U.S. CEO Arrested For Smuggling Metals Into Iran For Potential Missile, Nuclear Use

The CEO of an American metallurgical firm was arrested on charges of illegally smuggling metals to Iran that could be used for aerospace, missile, and even nuclear use, the U.S. Department of Justice announced Tuesday.

Erdal Kuyumcu, the CEO of  Global Metallurgy LLC, allegedly exported cobalt-nickel powder to Iran twice without first obtaining proper licensing from the U.S. Treasury Department, which oversees the many sanctions that are still in place on Iran. The Justice Department also alleged that “Kuyumcu and others conspired to obtain over a thousand pounds of the metallic powder from a U.S.-based supplier for export to Iran” via Turkey, and that Kuyumcu and his associates “used coded language when discussing Iran, such as calling Iran the ‘Neighbor,’ referring to the fact that Turkey shares a border with Iran.”

“In circumventing U.S. law, including the International Emergency Economic Powers Act, the defendant harmed our nation’s security,” Assistant Attorney General for National Security John P. Carlin said in a statement. “The department will continue to vigorously pursue and hold accountable those who evade our export laws in pursuit of profit.”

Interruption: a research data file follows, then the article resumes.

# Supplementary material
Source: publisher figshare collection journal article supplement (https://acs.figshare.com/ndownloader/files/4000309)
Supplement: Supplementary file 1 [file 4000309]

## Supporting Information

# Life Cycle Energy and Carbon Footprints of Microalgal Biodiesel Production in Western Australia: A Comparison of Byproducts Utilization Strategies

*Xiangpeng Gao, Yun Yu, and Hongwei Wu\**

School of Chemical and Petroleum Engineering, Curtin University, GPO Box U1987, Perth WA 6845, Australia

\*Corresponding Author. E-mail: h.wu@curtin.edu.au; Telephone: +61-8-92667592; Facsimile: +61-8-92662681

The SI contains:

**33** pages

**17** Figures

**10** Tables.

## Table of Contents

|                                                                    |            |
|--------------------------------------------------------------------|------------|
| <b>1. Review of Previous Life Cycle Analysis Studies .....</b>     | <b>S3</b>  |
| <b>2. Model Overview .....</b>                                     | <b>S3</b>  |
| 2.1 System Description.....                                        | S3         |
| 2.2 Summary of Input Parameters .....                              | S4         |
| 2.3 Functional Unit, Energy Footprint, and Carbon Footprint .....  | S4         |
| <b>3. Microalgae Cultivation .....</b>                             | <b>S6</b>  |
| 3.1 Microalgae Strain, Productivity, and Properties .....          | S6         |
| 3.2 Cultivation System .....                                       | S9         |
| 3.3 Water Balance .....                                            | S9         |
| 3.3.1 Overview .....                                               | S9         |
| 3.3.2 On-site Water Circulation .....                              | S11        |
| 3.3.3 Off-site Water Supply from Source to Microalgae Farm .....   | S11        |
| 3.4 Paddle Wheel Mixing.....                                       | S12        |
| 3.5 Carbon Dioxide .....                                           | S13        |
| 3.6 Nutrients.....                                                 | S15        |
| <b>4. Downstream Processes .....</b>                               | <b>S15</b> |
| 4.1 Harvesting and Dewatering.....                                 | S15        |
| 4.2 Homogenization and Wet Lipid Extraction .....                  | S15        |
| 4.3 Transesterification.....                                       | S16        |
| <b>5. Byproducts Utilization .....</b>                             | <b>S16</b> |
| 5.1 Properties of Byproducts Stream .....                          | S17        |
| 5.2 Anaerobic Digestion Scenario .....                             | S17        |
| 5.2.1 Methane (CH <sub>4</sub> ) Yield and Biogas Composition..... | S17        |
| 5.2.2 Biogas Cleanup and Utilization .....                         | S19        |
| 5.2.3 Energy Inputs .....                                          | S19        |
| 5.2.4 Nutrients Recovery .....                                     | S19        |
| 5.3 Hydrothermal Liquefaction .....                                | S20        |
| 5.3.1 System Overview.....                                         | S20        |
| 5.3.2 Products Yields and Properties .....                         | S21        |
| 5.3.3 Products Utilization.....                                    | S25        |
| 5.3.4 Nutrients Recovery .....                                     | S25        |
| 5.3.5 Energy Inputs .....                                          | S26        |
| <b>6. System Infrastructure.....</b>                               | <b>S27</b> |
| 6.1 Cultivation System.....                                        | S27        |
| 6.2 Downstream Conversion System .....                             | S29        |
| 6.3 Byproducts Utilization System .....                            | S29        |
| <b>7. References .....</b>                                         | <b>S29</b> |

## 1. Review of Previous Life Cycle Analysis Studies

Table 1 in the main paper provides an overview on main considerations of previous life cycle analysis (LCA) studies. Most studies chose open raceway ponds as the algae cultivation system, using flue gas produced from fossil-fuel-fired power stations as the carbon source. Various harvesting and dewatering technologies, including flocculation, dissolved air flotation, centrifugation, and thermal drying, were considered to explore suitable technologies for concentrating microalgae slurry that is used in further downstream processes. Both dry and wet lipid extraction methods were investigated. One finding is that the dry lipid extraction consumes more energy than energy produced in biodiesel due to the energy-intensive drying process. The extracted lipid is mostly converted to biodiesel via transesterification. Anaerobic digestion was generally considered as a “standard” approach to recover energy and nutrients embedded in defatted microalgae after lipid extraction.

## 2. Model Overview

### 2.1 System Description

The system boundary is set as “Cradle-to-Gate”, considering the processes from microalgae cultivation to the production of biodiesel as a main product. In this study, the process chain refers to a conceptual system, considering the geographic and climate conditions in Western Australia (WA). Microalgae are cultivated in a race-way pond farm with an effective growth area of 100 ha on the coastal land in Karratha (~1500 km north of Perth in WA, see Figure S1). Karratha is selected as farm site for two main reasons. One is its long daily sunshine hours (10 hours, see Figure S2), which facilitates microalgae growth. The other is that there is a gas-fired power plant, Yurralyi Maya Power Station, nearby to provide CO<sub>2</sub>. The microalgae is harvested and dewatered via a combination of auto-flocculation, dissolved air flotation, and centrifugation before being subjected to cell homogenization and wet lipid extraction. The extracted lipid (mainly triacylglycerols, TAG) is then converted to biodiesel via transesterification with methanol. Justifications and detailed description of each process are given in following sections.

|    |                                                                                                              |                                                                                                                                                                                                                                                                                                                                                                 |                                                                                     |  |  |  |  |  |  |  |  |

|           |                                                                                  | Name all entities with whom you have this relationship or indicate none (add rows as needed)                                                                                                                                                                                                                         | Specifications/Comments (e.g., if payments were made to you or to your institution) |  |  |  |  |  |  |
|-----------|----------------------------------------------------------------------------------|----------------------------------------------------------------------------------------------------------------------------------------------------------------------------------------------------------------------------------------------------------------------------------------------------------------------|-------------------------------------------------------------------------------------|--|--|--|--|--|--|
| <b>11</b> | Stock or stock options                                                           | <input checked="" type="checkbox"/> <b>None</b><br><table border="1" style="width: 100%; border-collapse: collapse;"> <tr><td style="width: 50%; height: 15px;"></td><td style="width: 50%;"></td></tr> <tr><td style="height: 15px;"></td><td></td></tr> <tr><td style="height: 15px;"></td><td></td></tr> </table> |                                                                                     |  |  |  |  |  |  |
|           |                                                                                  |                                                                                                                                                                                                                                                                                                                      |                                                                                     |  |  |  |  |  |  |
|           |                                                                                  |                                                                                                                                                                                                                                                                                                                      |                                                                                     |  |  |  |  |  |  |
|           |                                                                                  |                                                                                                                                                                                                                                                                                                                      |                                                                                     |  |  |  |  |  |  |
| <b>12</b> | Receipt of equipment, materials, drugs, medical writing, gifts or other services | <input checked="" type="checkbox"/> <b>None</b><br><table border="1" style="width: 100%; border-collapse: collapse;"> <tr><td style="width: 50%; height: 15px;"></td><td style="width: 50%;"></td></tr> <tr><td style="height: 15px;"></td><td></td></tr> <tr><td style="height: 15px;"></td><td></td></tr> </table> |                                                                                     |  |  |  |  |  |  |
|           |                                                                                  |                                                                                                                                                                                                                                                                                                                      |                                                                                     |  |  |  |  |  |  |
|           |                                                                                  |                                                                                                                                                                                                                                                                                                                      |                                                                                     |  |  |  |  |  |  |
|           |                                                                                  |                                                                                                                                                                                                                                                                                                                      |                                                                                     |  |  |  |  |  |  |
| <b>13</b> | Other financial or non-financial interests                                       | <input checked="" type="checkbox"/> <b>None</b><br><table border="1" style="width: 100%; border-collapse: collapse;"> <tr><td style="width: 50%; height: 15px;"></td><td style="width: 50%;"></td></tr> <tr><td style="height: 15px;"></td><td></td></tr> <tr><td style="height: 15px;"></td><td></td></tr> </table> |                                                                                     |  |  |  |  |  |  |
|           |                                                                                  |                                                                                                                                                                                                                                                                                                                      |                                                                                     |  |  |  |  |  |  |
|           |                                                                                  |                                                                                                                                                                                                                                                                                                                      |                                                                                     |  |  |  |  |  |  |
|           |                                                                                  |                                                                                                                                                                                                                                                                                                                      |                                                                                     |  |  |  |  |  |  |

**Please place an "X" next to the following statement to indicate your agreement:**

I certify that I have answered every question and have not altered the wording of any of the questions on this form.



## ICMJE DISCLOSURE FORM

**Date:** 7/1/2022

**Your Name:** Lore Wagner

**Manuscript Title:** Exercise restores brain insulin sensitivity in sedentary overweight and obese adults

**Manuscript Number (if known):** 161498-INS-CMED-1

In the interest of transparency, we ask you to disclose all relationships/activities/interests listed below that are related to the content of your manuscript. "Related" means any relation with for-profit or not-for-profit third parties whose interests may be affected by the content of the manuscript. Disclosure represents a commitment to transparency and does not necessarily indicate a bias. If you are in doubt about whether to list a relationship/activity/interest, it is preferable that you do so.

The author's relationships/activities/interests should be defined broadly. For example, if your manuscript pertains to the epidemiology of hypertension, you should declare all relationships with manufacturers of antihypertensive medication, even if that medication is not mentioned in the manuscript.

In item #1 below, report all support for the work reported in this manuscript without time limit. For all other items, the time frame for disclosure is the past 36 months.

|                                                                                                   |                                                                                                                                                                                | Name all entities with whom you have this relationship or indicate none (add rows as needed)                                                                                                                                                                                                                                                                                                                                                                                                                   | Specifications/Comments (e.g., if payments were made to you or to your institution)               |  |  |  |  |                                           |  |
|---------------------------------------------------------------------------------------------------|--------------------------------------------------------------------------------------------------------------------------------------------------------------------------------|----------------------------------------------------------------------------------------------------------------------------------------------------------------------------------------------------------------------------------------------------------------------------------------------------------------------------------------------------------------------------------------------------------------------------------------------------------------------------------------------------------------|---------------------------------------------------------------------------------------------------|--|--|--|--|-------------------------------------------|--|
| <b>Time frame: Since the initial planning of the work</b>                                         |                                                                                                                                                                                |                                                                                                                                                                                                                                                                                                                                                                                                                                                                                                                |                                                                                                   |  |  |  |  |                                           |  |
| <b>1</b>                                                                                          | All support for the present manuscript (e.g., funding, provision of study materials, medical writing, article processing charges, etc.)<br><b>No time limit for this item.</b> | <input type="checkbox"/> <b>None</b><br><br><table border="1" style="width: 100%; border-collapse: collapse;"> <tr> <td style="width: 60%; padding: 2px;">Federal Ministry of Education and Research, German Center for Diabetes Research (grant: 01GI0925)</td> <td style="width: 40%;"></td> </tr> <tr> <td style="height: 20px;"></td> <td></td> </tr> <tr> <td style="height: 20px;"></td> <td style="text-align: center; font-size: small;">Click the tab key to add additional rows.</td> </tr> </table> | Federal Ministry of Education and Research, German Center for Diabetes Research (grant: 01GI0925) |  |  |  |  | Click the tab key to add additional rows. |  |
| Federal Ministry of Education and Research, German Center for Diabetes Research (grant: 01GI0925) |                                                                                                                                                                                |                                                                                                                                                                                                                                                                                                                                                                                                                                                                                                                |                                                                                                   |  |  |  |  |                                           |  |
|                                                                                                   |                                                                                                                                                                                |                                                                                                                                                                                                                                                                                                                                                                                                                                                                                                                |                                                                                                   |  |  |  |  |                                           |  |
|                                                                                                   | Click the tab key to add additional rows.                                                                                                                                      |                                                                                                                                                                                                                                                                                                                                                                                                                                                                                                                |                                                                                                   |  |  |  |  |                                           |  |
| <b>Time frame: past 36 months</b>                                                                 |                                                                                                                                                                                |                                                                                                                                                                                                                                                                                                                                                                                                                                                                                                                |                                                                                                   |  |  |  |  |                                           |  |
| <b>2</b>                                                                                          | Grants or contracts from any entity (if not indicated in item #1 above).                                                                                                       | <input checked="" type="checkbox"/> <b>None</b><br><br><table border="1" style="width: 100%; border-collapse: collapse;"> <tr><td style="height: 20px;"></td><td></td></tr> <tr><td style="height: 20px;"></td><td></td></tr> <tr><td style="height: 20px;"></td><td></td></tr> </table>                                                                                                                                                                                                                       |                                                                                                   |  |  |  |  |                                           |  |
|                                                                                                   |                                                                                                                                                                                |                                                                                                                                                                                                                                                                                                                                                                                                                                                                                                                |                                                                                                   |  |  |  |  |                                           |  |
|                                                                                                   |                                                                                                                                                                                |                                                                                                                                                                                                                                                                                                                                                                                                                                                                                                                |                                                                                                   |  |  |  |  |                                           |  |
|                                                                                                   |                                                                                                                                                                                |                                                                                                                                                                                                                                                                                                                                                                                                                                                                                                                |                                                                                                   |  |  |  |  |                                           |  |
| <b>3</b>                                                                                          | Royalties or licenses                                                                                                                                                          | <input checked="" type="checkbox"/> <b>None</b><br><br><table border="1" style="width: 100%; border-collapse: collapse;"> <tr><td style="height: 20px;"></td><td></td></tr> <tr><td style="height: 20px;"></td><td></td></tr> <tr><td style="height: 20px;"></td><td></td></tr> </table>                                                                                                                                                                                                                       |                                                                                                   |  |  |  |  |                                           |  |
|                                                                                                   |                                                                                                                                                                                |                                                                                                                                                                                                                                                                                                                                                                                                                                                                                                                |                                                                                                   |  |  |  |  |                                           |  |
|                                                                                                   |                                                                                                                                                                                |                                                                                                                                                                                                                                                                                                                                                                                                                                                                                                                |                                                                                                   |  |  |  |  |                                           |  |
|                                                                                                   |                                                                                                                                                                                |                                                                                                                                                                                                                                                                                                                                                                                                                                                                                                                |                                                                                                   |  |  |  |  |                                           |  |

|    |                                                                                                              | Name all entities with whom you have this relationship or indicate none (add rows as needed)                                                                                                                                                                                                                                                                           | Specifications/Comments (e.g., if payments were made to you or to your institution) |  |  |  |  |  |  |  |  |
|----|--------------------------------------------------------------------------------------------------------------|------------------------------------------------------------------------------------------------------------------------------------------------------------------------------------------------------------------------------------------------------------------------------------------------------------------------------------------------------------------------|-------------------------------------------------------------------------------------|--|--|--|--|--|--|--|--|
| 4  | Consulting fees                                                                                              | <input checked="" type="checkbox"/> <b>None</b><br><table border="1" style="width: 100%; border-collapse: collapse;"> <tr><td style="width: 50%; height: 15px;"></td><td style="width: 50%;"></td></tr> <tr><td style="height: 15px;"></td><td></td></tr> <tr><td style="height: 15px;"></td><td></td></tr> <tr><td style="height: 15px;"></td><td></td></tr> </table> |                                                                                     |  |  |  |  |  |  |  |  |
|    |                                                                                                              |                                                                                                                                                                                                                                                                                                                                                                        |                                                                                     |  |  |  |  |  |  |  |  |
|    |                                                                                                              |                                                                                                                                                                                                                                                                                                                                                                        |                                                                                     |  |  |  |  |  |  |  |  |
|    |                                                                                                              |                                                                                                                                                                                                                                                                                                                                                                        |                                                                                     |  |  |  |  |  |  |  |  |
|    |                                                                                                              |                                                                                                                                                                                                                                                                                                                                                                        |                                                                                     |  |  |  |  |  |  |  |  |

In Iran is Really Good at Evading Sanctions, which was published in the September 2013 issue of The Tower Magazine, Emanuele Ottolenghi explained how Iran often sets up shell companies to obtain dual-use technologies that can be used for its illicit nuclear and missile programs.

A good illustration of how Iran bypasses sanctions is the regime’s activities in the German city of Düsseldorf and its environs. Düsseldorf is the capital city of the state of North Rhine-Westphalia, which sits astride a sinuous curve of the Rhine, Germany’s longest river and a major north-south waterway. Many of Germany’s most industrialized and prosperous cities lie along its banks.

Some of Germany’s best technology is produced here. Concentrated in a relatively small region, thousands of medium and small-sized family-run companies invent, assemble, produce, and sell some of the best machinery and industrial products in the world. It is an ideal place to go shopping for “dual-use” components—materials that are necessary for the manufacture of nuclear weapons but can also be used for civilian purposes, thus giving the purchaser plausible deniability.

Iran has established a dizzying array of front companies from Düsseldorf in the west to Frankfurt—Germany’s financial capital—in the south. Because most of these companies open and close within a matter of months, leaving little or no paper trail, it is difficult to say exactly what they do. Even when they last for a reasonable amount of time, they tend to operate under the radar, often based in the homes of their managers, with only scant information available to the public. Nonetheless, many of them seem to be engaged in industrial procurement, including, allegedly, for Iran’s nuclear and ballistic missile programs.

[Photo: Cliff / Flickr ]